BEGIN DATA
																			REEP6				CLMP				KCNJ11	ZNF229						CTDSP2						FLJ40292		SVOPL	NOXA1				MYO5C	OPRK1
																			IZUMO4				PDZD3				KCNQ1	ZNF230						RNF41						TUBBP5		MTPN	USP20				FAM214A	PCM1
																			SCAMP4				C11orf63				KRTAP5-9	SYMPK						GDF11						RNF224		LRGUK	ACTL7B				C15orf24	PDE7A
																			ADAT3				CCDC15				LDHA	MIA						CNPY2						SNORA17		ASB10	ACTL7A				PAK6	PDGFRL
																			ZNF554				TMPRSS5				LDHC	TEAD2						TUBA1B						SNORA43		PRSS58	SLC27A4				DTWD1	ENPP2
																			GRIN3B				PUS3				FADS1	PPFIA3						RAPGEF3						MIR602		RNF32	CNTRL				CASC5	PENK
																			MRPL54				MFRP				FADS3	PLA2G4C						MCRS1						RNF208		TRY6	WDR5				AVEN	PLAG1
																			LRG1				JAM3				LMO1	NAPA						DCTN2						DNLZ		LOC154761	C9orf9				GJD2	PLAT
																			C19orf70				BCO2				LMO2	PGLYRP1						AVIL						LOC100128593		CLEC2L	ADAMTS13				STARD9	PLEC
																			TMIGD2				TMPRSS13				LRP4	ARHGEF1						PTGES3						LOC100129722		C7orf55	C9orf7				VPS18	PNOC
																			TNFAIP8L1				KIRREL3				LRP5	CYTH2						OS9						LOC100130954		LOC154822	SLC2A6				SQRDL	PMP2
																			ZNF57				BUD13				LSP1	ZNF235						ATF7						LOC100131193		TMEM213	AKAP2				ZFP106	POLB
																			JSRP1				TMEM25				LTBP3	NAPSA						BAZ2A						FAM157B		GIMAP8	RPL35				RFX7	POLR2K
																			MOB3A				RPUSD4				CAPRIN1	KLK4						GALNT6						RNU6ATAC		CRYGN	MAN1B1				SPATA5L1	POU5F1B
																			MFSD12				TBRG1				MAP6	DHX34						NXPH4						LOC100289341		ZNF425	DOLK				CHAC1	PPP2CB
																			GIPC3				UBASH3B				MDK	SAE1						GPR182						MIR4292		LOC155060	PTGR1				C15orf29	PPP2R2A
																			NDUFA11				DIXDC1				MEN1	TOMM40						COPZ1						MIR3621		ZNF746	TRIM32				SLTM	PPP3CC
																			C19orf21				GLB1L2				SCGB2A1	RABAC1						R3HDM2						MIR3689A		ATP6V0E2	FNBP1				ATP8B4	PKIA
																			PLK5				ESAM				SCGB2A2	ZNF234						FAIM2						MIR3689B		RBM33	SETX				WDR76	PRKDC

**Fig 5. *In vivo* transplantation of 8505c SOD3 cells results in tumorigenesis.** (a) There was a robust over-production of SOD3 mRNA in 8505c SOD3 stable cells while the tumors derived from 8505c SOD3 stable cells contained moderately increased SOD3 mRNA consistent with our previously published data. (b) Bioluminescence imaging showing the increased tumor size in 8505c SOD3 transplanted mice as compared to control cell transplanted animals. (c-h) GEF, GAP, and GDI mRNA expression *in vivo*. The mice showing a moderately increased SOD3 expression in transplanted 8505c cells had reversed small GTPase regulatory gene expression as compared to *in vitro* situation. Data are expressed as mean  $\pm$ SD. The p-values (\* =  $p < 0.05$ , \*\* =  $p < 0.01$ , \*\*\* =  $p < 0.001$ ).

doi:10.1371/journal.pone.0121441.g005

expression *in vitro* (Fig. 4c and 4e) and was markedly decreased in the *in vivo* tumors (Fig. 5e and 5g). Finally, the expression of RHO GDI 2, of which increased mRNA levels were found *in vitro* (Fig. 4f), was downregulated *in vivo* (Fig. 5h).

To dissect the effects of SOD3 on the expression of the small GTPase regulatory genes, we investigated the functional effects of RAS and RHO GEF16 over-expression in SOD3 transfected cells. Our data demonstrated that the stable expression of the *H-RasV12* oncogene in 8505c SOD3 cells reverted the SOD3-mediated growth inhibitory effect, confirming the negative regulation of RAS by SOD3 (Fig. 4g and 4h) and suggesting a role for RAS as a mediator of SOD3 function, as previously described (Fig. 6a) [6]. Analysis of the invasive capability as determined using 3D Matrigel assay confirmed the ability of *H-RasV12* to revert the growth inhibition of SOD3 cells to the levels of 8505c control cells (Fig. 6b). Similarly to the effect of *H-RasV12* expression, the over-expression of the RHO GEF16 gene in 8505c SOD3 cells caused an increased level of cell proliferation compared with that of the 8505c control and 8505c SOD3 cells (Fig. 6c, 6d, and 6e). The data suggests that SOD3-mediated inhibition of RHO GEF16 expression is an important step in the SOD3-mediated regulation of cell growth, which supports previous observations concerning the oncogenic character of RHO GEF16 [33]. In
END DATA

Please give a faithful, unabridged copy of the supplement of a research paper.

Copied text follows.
																			REEP6				CLMP				KCNJ11	ZNF229						CTDSP2						FLJ40292		SVOPL	NOXA1				MYO5C	OPRK1
																			IZUMO4				PDZD3				KCNQ1	ZNF230						RNF41						TUBBP5		MTPN	USP20				FAM214A	PCM1
																			SCAMP4				C11orf63				KRTAP5-9	SYMPK						GDF11						RNF224		LRGUK	ACTL7B				C15orf24	PDE7A
																			ADAT3				CCDC15				LDHA	MIA						CNPY2						SNORA17		ASB10	ACTL7A				PAK6	PDGFRL
																			ZNF554				TMPRSS5				LDHC	TEAD2						TUBA1B						SNORA43		PRSS58	SLC27A4				DTWD1	ENPP2
																			GRIN3B				PUS3				FADS1	PPFIA3						RAPGEF3						MIR602		RNF32	CNTRL				CASC5	PENK
																			MRPL54				MFRP				FADS3	PLA2G4C						MCRS1						RNF208		TRY6	WDR5				AVEN	PLAG1
																			LRG1				JAM3				LMO1	NAPA						DCTN2						DNLZ		LOC154761	C9orf9				GJD2	PLAT
																			C19orf70				BCO2				LMO2	PGLYRP1						AVIL						LOC100128593		CLEC2L	ADAMTS13				STARD9	PLEC
																			TMIGD2				TMPRSS13				LRP4	ARHGEF1						PTGES3						LOC100129722		C7orf55	C9orf7				VPS18	PNOC
																			TNFAIP8L1				KIRREL3				LRP5	CYTH2						OS9						LOC100130954		LOC154822	SLC2A6				SQRDL	PMP2
																			ZNF57				BUD13				LSP1	ZNF235						ATF7						LOC100131193		TMEM213	AKAP2				ZFP106	POLB
																			JSRP1				TMEM25				LTBP3	NAPSA						BAZ2A						FAM157B		GIMAP8	RPL35				RFX7	POLR2K
																			MOB3A				RPUSD4				CAPRIN1	KLK4						GALNT6						RNU6ATAC		CRYGN	MAN1B1				SPATA5L1	POU5F1B
																			MFSD12				TBRG1				MAP6	DHX34						NXPH4						LOC100289341		ZNF425	DOLK				CHAC1	PPP2CB
																			GIPC3				UBASH3B				MDK	SAE1						GPR182						MIR4292		LOC155060	PTGR1				C15orf29	PPP2R2A
																			NDUFA11				DIXDC1				MEN1	TOMM40						COPZ1						MIR3621		ZNF746	TRIM32				SLTM	PPP3CC
																			C19orf21				GLB1L2				SCGB2A1	RABAC1						R3HDM2						MIR3689A		ATP6V0E2	FNBP1				ATP8B4	PKIA
																			PLK5				ESAM				SCGB2A2	ZNF234						FAIM2						MIR3689B		RBM33	SETX				WDR76	PRKDC

**Fig 5. *In vivo* transplantation of 8505c SOD3 cells results in tumorigenesis.** (a) There was a robust over-production of SOD3 mRNA in 8505c SOD3 stable cells while the tumors derived from 8505c SOD3 stable cells contained moderately increased SOD3 mRNA consistent with our previously published data. (b) Bioluminescence imaging showing the increased tumor size in 8505c SOD3 transplanted mice as compared to control cell transplanted animals. (c-h) GEF, GAP, and GDI mRNA expression *in vivo*. The mice showing a moderately increased SOD3 expression in transplanted 8505c cells had reversed small GTPase regulatory gene expression as compared to *in vitro* situation. Data are expressed as mean  $\pm$ SD. The p-values (\* =  $p < 0.05$ , \*\* =  $p < 0.01$ , \*\*\* =  $p < 0.001$ ).

doi:10.1371/journal.pone.0121441.g005

expression *in vitro* (Fig. 4c and 4e) and was markedly decreased in the *in vivo* tumors (Fig. 5e and 5g). Finally, the expression of RHO GDI 2, of which increased mRNA levels were found *in vitro* (Fig. 4f), was downregulated *in vivo* (Fig. 5h).

To dissect the effects of SOD3 on the expression of the small GTPase regulatory genes, we investigated the functional effects of RAS and RHO GEF16 over-expression in SOD3 transfected cells. Our data demonstrated that the stable expression of the *H-RasV12* oncogene in 8505c SOD3 cells reverted the SOD3-mediated growth inhibitory effect, confirming the negative regulation of RAS by SOD3 (Fig. 4g and 4h) and suggesting a role for RAS as a mediator of SOD3 function, as previously described (Fig. 6a) [6]. Analysis of the invasive capability as determined using 3D Matrigel assay confirmed the ability of *H-RasV12* to revert the growth inhibition of SOD3 cells to the levels of 8505c control cells (Fig. 6b). Similarly to the effect of *H-RasV12* expression, the over-expression of the RHO GEF16 gene in 8505c SOD3 cells caused an increased level of cell proliferation compared with that of the 8505c control and 8505c SOD3 cells (Fig. 6c, 6d, and 6e). The data suggests that SOD3-mediated inhibition of RHO GEF16 expression is an important step in the SOD3-mediated regulation of cell growth, which supports previous observations concerning the oncogenic character of RHO GEF16 [33]. In